Elijah may have expected to find God in the wind, the earthquake, or the fire. It’s where he has witnessed God’s presence before. He knows to look for God in brilliant and powerful displays.

This time, it’s different. On the mountain, outside the cave, God comes to the prophet not in the flashy signs of power and might, but in silence, in stillness, in the very absence of signs. God reassures Elijah that he’s not alone in trusting God. In fact, thousands of faithful followers remain. Future leaders will succeed him; future prophets will serve as he has. The silence declares to Elijah that God is not finished, that generations to come will sing God’s praises no matter the storms they face. God encourages Elijah to continue the work to which he’s been called.

Jesus seems more accustomed to seek God’s presence in the quiet[iii]. He too has been trying to retreat from the storms overwhelming him. He’s been seeking solitude and an opportunity to pray since he learned of the murder of John the Baptist. But that big Baptists Lives Matter demonstration interrupts him when the crowds learn of John’s fate. He takes time to respond to their needs, curing their illnesses, providing for their hunger. When Jesus can finally send his disciples away, and dismiss the gathering, he climbs the mountain to pray as Elijah did. Jesus takes time to rest, pauses to listen for God’s reassurance.

It seems likely that Jesus is feeling the same kind of foreboding that Elijah faced. His mentor has been killed for speaking truth to power, and Jesus must recognize the real dangers he faces as well. His friends seem confused and afraid of the work he has been calling them to do. Though he has showed them his power in countless ways, they continue to doubt and wonder. Alone in prayer, perhaps Jesus wonders about his future. Perhaps he despairs of the futility of the mission he is trying to fulfill.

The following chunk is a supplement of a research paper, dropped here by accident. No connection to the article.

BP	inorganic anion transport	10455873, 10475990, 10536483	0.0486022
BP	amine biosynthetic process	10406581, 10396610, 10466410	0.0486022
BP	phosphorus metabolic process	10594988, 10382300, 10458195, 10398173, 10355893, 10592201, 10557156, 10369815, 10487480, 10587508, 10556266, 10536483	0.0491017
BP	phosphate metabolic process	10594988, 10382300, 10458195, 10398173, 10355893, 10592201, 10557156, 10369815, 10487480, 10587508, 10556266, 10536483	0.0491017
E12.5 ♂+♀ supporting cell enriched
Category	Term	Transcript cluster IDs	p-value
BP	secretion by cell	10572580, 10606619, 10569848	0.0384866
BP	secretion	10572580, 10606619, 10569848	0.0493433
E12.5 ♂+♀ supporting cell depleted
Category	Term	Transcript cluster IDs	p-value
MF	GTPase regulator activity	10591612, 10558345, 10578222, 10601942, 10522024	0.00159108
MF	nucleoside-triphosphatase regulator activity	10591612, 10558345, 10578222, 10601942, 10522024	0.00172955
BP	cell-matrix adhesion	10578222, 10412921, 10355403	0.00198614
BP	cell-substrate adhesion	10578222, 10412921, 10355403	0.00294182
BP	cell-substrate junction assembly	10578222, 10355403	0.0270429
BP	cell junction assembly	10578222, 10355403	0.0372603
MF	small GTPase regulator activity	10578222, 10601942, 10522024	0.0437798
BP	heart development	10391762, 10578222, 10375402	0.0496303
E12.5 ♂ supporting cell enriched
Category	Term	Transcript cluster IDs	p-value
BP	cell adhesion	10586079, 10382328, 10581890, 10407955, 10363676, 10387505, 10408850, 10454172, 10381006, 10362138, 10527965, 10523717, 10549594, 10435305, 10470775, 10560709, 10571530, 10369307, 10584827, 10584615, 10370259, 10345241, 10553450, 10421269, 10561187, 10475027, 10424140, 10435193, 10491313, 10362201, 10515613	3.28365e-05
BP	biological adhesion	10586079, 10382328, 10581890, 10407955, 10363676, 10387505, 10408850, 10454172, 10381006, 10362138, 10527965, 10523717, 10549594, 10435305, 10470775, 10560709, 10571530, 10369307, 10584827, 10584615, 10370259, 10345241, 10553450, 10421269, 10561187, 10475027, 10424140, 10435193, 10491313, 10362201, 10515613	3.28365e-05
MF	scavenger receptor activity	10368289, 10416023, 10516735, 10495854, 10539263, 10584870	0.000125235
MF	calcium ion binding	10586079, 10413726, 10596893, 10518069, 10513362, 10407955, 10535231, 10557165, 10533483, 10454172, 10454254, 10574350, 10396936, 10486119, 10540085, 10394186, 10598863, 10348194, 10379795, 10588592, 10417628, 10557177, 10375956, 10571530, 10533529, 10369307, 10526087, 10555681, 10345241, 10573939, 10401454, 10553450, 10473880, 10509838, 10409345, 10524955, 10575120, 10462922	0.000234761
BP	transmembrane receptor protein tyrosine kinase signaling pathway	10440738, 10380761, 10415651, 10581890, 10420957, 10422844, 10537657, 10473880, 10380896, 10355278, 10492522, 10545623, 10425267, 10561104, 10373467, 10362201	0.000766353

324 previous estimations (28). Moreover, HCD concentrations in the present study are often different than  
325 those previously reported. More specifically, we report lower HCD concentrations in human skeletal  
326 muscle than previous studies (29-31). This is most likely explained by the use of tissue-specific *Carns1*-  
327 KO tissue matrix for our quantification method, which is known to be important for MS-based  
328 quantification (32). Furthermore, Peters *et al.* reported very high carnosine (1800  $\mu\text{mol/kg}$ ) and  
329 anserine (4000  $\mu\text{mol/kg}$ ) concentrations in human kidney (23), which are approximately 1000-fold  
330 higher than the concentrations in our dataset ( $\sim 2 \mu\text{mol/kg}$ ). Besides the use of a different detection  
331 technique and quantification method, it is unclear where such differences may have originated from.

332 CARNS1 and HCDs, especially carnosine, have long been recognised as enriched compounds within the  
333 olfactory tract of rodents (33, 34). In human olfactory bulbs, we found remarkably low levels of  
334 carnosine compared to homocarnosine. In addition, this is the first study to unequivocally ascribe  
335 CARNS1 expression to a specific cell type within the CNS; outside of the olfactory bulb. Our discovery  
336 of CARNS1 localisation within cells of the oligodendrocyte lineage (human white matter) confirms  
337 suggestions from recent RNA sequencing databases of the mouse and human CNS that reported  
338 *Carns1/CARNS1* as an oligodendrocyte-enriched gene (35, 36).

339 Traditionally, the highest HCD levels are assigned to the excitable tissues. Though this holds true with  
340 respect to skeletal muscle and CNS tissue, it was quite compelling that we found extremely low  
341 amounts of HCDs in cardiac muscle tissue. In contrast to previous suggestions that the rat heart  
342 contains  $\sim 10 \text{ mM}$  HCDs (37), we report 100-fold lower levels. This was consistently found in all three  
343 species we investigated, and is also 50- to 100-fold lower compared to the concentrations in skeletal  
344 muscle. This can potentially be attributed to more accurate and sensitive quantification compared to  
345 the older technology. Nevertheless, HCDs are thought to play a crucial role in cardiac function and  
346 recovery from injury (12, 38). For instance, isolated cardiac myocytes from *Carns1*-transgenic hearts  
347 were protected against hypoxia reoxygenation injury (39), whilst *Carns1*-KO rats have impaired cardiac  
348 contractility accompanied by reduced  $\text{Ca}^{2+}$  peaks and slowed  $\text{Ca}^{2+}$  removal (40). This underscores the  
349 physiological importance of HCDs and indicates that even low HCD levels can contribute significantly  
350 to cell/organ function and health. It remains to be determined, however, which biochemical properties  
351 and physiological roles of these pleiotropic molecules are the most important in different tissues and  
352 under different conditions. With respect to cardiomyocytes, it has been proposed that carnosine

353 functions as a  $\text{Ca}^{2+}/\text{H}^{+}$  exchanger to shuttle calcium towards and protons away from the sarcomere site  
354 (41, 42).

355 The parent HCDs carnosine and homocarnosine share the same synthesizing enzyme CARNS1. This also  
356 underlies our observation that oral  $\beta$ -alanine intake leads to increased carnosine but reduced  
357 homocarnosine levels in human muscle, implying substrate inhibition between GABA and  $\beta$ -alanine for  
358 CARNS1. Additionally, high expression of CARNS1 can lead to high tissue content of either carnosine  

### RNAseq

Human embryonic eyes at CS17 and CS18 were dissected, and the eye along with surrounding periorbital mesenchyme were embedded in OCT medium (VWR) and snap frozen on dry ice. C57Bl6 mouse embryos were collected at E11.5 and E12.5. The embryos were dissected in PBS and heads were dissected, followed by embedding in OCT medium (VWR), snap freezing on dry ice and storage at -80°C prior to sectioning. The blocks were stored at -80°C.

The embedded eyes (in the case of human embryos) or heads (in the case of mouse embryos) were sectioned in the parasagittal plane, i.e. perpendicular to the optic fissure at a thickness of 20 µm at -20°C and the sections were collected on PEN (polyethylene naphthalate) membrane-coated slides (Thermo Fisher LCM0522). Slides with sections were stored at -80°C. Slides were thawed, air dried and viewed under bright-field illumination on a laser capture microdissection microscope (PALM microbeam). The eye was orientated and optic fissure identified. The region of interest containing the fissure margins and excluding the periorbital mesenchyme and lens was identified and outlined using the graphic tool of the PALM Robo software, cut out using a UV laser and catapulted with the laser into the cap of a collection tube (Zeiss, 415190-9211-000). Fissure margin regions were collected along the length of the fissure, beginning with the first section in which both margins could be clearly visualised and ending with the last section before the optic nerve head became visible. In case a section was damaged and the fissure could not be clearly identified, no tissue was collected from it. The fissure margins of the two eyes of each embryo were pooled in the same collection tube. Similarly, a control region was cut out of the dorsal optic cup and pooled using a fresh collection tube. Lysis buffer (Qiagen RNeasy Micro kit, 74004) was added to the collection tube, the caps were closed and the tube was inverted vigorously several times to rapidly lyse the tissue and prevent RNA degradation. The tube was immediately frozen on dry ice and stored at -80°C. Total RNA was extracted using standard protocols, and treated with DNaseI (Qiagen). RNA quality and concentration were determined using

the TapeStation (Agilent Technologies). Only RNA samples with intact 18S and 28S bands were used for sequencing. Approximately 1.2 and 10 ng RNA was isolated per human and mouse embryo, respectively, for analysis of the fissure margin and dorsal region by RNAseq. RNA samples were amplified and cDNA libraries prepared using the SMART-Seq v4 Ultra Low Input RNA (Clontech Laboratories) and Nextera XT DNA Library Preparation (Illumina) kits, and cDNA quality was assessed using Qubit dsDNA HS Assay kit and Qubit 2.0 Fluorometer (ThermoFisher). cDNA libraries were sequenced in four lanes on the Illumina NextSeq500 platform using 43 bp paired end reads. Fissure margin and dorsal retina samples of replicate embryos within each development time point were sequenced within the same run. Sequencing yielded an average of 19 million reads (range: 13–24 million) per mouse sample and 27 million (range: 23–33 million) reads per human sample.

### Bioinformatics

But just as God had reassured Elijah on the mountain, so Jesus is strengthened. When he comes down to the shore later that night, Jesus is ready to face the storm. In the gloomiest hours before dawn, Jesus finds his way to the seaside and recognizes that his disciples are in danger.

Even before the storm settles down, even before the winds die, Jesus appears to his friends on the waves. Take heart, he calls to them. Do not be afraid.  It is I. Not in the quiet silence, but right in the midst of the raging sea, Jesus crosses the water and returns to his companions. Take heart. The storm rages, but God has not abandoned you.

Peter can’t even wait for Jesus to arrive. He dares to enter into the storm himself. He wants to trust God’s presence in the midst of the sea. Peter actually manages it briefly, before he starts looking to his own ability, and begins to falter. But even then, even as Peters slips under, Jesus reaches out to hold him up.

Those seemingly scolding words, “you of little faith,” are in fact a familiar and loving response of Jesus. Remember when he told them that they need never fear, for they were of more value than the birds of the air or the flowers of the field, he assures them with the same words, “Will God not much more clothe you, you of little faith?[iv]